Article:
Interestingly, Lehmann paces the album with a mix of lighter songs of varied styles between the few straight-on rock tracks. For example, the second song up after that commanding opener is a wistful, romantic ballad called “Tinkerbell”. As the name suggests, this is a song dipped in magic and fantasy, and it carries a wafting fragrance of late-‘70s Renaissance or contemporary Celtic pop-rock music.]

Another early change-up before we get a nice, full chunk of that old-school prog that we know must be on there is a surprise appearance by the Talented Mr. Hackett. (This is the first of his three guest appearances on the album.) Interestingly, on this track, “Only Happy When It Rains”, there’s no trace of Hackett’s stellar guitar playing. Instead, he shines through darkly as an awesome blues harp player. His harmonica lines dart around Lehmann’s torch-y, Joni vocals and Rob Townsend’s alto sax lines over a witchy, jazz-club groove, like a yowling cat in the night.

The first track that plunges the listener into deeper prog waters early in the album – and this writer’s personal favorite – is “The Watcher”. Initially, the bleak, brooding piece unfolds as a cautionary tale about restraints and repression of all kinds but then explodes with a fiery middle section before the final chorus. Unlike her treacly vocals on an earlier ballad, her narrative voice takes on a more weathered and warning tone here, sounding much like the huskier vocals of, say, a latter-day Marianne Faithfull.

Instrumentally, the dynamics on this track also show Lehmann taking cues from such rock guitar luminaries as Mark Knopfler and David Gilmour. The opening has smoky blues fills over a spare arrangement with her astringent vocals. Then, after a brief burst of hot guitar between the verses and choruses, she breaks into a fiery, mid-song Phrygian-modal guitar solo with climactic key modulations before landing like a feather at the quiet beginning of the final verse. And for anyone who has been living under a progressive rock as I have, that kind of dramatic harmonic shifting is always mighty powerful catnip!

Another subdued interval follows with the poignant “Memory Lane,” a lament about the passage of time and the loss of memories. This leads into a full-on, arena rocker – if Lehmann should ever graduate to the arena circuit, this is one would be a no-brainer for the setlist – called “Forever Days”. With a driving, riff-based rhythm and a triumphant melody that calls to mind early ‘80s Pat Benatar and Renaissance (Imagine that!), this track matches Lehmann and Hackett in a grunge-y, guitar duel. And it’s a perfect showcase for both guitarists’ more metallic chops.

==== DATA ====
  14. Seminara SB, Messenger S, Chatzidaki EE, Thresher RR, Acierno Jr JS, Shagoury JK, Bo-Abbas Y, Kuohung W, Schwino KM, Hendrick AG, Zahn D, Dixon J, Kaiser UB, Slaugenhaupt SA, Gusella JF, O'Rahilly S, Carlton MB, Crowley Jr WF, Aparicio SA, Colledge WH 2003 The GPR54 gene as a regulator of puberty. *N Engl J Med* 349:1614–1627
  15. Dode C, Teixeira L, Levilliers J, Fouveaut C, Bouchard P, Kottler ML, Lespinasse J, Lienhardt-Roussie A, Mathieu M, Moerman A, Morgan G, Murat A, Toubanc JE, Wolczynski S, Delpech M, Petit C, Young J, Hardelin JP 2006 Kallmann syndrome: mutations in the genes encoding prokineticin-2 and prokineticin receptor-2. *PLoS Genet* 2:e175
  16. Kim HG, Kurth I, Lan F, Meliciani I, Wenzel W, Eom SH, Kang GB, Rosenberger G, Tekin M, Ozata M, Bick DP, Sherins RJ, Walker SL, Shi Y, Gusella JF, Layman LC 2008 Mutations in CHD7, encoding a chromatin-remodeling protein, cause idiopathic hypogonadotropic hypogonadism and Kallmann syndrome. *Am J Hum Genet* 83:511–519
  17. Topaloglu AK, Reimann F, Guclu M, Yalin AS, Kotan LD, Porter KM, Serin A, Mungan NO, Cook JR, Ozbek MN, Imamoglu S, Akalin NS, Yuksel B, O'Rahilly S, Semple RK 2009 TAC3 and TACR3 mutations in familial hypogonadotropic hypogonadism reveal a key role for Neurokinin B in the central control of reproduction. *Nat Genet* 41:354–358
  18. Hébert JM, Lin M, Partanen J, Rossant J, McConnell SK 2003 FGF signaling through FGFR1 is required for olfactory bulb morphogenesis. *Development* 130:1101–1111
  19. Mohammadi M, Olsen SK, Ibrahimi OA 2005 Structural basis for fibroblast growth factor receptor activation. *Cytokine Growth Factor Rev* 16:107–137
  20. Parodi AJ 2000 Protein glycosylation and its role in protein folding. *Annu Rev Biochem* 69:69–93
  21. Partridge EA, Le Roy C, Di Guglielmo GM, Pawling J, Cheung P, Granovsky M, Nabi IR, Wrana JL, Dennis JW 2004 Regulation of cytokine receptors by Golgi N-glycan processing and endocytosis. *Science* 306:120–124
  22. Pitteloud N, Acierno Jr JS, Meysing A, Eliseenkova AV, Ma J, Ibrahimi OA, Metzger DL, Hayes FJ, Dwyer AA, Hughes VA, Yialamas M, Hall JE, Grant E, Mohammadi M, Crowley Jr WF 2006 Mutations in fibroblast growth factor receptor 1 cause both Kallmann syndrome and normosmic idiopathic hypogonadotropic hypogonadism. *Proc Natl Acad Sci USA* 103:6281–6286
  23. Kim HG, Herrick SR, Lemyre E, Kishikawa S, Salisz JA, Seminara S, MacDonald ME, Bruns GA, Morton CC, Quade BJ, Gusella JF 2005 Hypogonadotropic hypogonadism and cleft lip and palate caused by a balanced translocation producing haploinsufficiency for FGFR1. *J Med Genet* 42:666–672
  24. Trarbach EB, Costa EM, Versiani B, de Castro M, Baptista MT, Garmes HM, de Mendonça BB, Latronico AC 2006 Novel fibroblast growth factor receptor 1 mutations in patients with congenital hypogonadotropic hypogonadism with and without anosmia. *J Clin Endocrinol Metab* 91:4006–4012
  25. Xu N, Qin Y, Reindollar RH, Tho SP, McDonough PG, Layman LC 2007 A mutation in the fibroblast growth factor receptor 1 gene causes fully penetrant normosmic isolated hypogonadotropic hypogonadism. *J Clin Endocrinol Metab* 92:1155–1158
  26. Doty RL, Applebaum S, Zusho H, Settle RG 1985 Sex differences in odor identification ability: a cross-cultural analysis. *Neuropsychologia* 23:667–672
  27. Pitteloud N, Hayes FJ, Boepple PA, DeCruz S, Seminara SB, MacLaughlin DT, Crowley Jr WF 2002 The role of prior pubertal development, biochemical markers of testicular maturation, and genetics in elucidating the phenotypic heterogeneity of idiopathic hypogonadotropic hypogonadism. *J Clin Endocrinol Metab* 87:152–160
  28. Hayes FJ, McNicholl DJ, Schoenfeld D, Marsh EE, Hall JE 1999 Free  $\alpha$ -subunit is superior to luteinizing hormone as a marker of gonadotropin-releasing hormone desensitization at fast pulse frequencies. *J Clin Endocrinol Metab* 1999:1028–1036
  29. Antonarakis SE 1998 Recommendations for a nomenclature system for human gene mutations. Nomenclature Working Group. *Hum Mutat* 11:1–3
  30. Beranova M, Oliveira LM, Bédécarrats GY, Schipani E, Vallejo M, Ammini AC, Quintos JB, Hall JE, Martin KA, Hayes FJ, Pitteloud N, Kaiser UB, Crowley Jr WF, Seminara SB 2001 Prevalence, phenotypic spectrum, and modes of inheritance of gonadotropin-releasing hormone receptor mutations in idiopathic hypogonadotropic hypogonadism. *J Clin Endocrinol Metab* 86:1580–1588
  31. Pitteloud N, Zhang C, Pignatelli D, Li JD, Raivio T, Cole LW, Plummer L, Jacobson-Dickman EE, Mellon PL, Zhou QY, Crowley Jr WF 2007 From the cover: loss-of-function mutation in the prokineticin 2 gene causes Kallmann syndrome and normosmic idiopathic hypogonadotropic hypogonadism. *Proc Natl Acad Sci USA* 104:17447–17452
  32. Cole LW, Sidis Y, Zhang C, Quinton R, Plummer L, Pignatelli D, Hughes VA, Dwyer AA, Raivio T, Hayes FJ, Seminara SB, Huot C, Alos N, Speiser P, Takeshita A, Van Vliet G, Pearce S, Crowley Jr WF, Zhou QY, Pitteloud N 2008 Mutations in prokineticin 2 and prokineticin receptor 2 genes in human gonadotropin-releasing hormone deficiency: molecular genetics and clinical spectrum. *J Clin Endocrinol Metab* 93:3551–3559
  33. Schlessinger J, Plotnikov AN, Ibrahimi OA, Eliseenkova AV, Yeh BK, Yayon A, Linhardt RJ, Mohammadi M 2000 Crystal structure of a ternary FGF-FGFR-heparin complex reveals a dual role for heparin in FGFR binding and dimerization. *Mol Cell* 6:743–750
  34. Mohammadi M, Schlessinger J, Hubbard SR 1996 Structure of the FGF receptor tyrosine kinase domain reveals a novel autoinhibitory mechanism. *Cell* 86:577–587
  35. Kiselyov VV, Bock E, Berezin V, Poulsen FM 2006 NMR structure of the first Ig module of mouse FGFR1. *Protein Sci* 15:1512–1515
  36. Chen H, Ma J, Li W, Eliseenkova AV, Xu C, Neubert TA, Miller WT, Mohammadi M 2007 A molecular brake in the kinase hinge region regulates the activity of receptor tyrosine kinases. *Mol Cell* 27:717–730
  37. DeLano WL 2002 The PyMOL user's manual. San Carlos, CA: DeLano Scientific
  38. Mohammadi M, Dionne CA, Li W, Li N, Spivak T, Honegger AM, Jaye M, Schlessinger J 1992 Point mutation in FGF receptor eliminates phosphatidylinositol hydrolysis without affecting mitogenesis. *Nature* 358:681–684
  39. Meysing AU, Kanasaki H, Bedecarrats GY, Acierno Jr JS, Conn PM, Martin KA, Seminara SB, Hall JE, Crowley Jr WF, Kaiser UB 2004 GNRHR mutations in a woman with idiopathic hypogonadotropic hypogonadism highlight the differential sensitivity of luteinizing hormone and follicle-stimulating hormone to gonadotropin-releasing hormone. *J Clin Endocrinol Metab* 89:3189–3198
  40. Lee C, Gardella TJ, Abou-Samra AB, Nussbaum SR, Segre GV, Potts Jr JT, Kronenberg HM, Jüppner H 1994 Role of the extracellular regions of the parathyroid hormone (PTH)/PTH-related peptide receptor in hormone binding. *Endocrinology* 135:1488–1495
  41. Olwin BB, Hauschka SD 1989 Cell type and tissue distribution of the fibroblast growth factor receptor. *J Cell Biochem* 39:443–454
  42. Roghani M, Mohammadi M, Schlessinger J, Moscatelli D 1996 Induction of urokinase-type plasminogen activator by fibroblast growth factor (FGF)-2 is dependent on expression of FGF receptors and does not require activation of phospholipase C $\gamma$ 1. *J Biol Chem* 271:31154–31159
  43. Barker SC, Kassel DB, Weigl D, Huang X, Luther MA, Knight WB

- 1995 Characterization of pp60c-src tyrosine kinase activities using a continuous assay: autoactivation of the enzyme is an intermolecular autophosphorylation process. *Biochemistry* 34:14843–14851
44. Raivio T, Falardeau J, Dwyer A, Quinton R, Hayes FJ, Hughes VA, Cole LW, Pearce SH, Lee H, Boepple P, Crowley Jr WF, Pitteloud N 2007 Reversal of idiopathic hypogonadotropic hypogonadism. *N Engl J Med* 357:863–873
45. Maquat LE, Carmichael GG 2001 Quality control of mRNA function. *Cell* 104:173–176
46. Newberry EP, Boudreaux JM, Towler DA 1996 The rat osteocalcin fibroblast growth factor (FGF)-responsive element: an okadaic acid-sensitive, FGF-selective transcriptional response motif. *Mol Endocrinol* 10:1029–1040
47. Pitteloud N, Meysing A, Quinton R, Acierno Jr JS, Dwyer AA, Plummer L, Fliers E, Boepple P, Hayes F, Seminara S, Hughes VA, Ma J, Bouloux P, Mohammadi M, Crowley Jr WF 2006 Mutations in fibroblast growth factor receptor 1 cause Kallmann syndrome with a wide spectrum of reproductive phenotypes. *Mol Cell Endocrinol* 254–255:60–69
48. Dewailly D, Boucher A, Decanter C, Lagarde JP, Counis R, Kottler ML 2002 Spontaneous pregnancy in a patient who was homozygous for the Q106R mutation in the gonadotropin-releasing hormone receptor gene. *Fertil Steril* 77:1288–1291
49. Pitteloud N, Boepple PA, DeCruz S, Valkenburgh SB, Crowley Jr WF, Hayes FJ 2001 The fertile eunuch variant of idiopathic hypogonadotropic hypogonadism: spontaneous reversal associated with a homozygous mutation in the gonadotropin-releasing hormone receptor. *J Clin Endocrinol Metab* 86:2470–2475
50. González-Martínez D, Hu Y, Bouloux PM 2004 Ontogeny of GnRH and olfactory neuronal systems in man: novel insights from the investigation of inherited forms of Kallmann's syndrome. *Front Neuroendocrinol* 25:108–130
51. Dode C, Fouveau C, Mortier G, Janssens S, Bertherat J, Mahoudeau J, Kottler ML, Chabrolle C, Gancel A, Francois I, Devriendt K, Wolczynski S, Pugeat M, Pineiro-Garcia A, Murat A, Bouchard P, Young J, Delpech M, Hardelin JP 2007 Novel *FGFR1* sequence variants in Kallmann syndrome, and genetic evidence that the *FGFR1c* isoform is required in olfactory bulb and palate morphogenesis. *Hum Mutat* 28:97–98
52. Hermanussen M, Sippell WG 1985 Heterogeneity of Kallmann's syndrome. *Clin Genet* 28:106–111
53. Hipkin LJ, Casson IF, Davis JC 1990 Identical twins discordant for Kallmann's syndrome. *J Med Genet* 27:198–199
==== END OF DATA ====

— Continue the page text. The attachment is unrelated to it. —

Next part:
From there, the album ends up with a three-song series of wistful-but-hopeful romanticism that include the Peter Gabriel-meets-Kate Bush anthem to the dignity of elephants “We Are One”, the enchantingly bluesy “Childhood Delusions” and the floating outro “Where the Small Things Go.” In particular, the latter piece is a short, Classical-guitar ballad, co-written by Lehmann and Hackett. After reaching some truly soaring, mid-album moments, Lehman’s sweet finish with Hackett’s distinctive nylon-string touch seemingly helps the listener to reorient, as if waking refreshed from a long, active, technicolor dream.

Although Hackett and his keyboardist Roger King and sax/clarinet/flute man Rob Townsend all play prominent roles throughout the album, it seems that Lehmann has another secret weapon on board. And that would be Nick Magnus, a longtime Hackett collaborator from the guitarist’s earliest solo albums in the late-1970s.

Primarily a keyboardist, arranger and engineer, but also an artist with his own track record of releases, Magnus worked with Lehmann to develop several of her Innocence tracks from working demos that she recorded in her home studio, she explained. And he provided some supplemental keyboards – including Mellotron, which is all over the album – to her primary piano parts. He also built up all of the rhythm tracks from electronic drum samples and scored the full orchestral arrangements. This resulted in many of the ballads having a lush, cinematic feeling.